Saturday, June 10, 2006

The Forgotten Faces (Watkins, 1961)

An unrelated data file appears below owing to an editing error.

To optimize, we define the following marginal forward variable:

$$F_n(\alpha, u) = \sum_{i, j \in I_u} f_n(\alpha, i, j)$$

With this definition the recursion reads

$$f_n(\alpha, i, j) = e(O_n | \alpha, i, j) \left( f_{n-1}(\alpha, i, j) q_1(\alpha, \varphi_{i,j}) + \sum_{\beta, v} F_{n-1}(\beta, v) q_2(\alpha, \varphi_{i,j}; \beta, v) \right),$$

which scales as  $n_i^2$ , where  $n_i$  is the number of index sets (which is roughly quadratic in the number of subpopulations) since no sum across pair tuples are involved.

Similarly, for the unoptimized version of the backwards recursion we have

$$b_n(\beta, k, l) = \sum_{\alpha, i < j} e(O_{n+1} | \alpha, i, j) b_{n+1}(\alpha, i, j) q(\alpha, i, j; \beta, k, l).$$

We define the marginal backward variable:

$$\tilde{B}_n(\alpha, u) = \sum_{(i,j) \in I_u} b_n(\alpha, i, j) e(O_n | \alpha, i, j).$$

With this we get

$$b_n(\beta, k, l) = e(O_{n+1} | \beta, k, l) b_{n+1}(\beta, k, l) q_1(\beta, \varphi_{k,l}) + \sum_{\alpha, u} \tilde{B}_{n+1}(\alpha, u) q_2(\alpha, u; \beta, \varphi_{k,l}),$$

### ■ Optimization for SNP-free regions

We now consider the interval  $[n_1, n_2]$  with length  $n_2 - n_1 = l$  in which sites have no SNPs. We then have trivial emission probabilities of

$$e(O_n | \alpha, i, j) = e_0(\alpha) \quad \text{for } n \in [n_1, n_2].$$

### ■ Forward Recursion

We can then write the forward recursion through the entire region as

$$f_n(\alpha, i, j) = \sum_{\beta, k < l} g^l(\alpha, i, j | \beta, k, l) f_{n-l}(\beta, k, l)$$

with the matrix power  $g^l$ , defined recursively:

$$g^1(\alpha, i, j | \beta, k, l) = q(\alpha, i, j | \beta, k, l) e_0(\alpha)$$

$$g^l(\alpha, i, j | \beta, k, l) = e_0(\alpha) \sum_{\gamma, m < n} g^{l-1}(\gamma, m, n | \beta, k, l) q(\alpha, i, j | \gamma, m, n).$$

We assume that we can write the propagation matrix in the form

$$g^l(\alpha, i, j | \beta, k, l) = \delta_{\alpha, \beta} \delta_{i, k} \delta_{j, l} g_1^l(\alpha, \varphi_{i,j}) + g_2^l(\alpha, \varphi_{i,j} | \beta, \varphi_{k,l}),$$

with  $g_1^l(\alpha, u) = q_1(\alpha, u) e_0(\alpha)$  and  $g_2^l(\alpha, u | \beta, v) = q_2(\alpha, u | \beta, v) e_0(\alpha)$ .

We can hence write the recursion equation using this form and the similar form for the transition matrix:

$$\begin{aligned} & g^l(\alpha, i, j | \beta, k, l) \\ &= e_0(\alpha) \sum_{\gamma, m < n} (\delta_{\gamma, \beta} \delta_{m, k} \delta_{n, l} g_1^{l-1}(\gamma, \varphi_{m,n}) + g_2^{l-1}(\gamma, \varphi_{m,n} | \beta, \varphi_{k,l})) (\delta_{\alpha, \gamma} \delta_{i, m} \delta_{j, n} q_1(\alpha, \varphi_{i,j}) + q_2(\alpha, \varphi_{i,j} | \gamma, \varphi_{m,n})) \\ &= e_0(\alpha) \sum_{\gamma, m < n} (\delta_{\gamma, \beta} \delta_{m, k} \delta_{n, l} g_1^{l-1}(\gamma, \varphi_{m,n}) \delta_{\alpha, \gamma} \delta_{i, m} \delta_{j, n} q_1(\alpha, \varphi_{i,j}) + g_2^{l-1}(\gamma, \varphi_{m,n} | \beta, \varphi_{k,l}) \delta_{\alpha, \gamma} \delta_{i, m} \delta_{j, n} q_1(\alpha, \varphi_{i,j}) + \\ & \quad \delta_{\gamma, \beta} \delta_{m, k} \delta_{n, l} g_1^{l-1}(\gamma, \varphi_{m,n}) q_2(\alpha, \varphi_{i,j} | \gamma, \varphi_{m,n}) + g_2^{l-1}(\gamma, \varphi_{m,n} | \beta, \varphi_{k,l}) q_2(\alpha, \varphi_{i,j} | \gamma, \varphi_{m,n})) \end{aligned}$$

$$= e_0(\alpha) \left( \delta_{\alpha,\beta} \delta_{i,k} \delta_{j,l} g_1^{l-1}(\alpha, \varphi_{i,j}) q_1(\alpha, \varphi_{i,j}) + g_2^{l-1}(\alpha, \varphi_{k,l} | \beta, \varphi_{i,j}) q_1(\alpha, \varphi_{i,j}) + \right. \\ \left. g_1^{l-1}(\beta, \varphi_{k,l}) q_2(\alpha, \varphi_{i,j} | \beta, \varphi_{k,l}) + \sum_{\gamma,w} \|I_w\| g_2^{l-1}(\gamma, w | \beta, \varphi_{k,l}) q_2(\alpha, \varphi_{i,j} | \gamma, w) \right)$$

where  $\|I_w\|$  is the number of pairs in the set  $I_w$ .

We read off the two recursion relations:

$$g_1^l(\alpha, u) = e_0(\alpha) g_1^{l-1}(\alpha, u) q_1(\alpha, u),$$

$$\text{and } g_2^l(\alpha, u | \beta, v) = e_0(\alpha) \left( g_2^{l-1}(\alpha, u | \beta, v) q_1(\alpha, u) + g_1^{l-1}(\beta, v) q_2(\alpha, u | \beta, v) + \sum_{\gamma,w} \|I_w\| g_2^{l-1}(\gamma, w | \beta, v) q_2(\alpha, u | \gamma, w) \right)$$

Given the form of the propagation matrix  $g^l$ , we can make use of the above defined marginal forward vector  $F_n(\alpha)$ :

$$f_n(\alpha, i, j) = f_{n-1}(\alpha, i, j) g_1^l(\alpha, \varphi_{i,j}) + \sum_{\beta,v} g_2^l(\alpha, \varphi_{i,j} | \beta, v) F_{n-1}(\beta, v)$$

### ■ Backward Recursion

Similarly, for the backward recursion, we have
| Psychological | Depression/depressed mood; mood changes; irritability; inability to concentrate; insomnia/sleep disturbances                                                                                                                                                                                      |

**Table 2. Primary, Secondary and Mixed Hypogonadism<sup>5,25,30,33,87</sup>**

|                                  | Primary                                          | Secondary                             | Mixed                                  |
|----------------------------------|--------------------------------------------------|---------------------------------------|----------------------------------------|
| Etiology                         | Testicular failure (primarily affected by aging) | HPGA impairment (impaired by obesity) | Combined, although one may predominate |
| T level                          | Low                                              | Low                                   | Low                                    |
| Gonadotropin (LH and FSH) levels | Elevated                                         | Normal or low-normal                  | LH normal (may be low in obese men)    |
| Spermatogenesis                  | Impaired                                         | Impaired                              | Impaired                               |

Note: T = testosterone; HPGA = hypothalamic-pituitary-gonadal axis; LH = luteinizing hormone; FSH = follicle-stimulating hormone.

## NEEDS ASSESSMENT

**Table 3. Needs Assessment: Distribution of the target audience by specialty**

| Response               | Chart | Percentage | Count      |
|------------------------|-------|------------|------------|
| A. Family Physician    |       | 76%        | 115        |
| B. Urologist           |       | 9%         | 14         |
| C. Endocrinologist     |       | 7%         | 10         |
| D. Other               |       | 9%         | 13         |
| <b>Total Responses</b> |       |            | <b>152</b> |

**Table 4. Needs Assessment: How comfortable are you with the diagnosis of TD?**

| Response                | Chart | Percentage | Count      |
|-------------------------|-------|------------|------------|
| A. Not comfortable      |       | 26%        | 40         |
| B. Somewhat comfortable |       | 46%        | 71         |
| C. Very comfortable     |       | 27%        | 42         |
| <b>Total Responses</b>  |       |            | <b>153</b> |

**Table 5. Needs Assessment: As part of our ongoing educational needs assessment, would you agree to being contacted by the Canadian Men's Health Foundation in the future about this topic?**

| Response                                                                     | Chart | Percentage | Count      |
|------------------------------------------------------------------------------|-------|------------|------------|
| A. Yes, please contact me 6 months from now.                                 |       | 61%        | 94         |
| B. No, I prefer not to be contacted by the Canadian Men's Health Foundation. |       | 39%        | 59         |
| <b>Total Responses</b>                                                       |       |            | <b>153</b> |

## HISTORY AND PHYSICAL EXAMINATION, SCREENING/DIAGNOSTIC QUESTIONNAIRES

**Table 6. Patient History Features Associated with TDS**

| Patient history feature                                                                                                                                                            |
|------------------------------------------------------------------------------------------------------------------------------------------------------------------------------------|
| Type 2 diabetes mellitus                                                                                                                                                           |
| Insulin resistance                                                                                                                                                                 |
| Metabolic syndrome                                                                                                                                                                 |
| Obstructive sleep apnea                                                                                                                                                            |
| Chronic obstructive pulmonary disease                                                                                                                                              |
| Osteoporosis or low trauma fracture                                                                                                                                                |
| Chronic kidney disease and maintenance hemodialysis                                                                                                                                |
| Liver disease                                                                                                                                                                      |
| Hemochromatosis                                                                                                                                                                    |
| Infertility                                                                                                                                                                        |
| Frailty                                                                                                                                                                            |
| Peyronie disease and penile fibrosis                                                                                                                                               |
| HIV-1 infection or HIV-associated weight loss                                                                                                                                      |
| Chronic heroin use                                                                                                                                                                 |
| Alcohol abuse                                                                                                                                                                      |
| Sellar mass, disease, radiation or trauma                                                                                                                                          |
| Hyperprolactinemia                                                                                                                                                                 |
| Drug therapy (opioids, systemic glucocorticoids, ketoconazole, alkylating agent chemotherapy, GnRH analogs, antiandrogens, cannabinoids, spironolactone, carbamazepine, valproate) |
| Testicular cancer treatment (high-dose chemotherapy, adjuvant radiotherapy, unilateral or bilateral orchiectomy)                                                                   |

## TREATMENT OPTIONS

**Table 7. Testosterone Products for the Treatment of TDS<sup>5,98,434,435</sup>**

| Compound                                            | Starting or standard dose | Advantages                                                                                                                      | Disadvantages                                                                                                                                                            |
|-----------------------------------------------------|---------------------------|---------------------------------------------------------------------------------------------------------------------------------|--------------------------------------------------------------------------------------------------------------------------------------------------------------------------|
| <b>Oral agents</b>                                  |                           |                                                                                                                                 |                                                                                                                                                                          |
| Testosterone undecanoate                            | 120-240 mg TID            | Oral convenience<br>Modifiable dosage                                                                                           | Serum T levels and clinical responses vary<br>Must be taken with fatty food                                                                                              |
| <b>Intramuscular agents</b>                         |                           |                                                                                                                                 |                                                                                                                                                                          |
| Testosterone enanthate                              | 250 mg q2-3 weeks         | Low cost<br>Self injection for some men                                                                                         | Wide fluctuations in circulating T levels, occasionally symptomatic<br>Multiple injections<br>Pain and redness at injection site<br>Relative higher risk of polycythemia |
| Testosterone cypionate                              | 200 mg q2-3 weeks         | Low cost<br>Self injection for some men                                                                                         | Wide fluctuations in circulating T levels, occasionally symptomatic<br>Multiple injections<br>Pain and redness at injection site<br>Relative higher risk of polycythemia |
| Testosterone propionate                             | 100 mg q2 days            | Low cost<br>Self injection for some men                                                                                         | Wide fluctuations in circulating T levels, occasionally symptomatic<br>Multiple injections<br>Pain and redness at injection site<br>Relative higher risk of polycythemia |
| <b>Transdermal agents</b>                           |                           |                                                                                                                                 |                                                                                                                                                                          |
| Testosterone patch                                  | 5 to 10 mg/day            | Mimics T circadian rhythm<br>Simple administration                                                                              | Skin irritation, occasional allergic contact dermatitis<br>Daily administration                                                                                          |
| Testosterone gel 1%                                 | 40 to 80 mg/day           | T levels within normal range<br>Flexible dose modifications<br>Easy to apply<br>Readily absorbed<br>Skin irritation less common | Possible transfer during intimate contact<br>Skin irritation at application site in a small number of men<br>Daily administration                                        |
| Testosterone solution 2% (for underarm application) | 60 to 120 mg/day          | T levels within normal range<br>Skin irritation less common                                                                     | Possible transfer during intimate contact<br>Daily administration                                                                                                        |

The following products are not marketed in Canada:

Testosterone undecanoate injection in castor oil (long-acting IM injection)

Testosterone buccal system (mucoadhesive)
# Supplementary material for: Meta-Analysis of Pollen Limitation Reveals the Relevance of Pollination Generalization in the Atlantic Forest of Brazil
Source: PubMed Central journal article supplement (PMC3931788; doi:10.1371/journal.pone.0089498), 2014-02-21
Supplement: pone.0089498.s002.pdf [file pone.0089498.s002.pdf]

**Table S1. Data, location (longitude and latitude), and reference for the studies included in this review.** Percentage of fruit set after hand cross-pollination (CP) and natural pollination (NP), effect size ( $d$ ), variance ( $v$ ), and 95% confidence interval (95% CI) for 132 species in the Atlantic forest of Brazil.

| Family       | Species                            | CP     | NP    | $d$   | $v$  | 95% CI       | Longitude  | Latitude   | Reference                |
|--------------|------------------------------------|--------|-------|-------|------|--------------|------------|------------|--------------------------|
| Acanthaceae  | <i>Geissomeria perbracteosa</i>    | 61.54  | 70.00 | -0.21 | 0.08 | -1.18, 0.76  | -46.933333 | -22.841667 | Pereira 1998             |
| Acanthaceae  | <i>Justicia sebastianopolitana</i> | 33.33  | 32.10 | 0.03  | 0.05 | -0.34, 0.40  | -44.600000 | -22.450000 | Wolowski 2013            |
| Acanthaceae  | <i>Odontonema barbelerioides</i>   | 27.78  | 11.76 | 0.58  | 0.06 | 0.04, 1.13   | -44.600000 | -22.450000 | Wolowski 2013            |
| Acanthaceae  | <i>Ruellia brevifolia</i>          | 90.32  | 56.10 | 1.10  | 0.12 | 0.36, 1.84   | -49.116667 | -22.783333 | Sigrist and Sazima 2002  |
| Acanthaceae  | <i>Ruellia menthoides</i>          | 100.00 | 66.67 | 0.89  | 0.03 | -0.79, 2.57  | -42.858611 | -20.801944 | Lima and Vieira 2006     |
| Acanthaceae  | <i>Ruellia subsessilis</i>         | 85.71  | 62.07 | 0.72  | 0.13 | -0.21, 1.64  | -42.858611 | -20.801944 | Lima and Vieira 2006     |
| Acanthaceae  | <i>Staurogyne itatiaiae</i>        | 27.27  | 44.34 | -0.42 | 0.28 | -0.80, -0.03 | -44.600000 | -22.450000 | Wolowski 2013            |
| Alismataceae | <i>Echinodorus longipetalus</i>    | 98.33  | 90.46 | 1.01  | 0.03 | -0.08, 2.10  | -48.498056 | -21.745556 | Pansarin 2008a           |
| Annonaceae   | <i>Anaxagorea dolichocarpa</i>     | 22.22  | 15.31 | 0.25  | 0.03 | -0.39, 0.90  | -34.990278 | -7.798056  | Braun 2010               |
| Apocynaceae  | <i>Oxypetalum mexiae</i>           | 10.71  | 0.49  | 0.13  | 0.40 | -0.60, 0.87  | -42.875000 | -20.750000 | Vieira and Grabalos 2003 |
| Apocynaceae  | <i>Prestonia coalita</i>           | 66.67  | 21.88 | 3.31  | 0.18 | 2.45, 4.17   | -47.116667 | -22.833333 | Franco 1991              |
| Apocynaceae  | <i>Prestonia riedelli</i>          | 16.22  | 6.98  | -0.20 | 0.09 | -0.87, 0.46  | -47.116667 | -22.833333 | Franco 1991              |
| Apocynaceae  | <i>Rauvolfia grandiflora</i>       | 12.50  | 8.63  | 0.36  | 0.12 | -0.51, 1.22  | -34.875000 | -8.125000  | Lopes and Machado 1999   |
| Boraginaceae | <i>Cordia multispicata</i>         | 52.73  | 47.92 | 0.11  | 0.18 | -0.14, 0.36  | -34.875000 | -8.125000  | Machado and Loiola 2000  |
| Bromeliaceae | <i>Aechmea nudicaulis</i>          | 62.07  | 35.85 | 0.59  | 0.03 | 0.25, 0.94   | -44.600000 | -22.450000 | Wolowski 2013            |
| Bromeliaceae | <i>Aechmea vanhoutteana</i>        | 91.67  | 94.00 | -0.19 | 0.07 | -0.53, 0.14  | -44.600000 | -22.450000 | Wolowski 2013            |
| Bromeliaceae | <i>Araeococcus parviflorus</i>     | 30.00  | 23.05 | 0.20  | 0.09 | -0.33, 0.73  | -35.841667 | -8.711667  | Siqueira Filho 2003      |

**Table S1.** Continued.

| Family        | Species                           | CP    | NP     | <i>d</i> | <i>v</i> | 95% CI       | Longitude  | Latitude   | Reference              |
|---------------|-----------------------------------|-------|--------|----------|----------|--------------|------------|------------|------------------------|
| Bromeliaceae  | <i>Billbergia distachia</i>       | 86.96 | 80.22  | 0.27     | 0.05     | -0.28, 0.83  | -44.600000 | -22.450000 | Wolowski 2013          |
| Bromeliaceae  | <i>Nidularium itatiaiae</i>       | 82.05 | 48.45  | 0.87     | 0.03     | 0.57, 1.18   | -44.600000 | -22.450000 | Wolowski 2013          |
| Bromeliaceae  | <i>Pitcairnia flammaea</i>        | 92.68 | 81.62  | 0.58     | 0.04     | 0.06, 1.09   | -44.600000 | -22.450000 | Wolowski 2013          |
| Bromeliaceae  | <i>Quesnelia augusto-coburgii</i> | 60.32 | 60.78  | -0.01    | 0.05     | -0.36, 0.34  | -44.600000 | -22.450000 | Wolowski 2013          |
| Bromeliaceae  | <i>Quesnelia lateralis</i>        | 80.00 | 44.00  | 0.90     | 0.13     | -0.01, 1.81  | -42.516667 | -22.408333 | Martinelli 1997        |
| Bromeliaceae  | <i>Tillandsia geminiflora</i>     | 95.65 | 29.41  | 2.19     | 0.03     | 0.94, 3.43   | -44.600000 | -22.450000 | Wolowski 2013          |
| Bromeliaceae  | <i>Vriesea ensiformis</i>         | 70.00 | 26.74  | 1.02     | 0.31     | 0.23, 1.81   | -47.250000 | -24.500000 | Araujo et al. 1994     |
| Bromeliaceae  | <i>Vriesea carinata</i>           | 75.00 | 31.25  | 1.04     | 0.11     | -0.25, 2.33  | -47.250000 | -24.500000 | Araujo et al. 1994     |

Billed as an amateur production from early in the career of maverick filmmaker Peter Watkins, The Forgotten Faces is anything but amateurish. Telling the story of a Hungarian student revolt against the Communist government imposed by the Soviets in the 50’s, this short film shows many of Watkins’ trademarks already in place. It is shot in faux documentary style with a narrator (not Watkins this time) providing context and background information about each of the key players. The street scenes in which revolutionaries clash with police reminded me of Eisenstein as the violence is swift and shocking and much of what we experience is conveyed through a series of faces – hopeful, determined, pained, despairing. Watkins’ interpretation of warfare is unusual in that he does not go into too much detail about the circumstances leading up to the violence from a nationalistic perspective. Rather, it is the individual that takes center stage. Each brief history told is an acknowledgment of that person’s existence and the contribution they have made to the whole, no matter how small. As Watkins returns late in the film to each character and briefly summarizes their fate, we see why he is not only one of cinema’s great historians, but also one of its great humanists.


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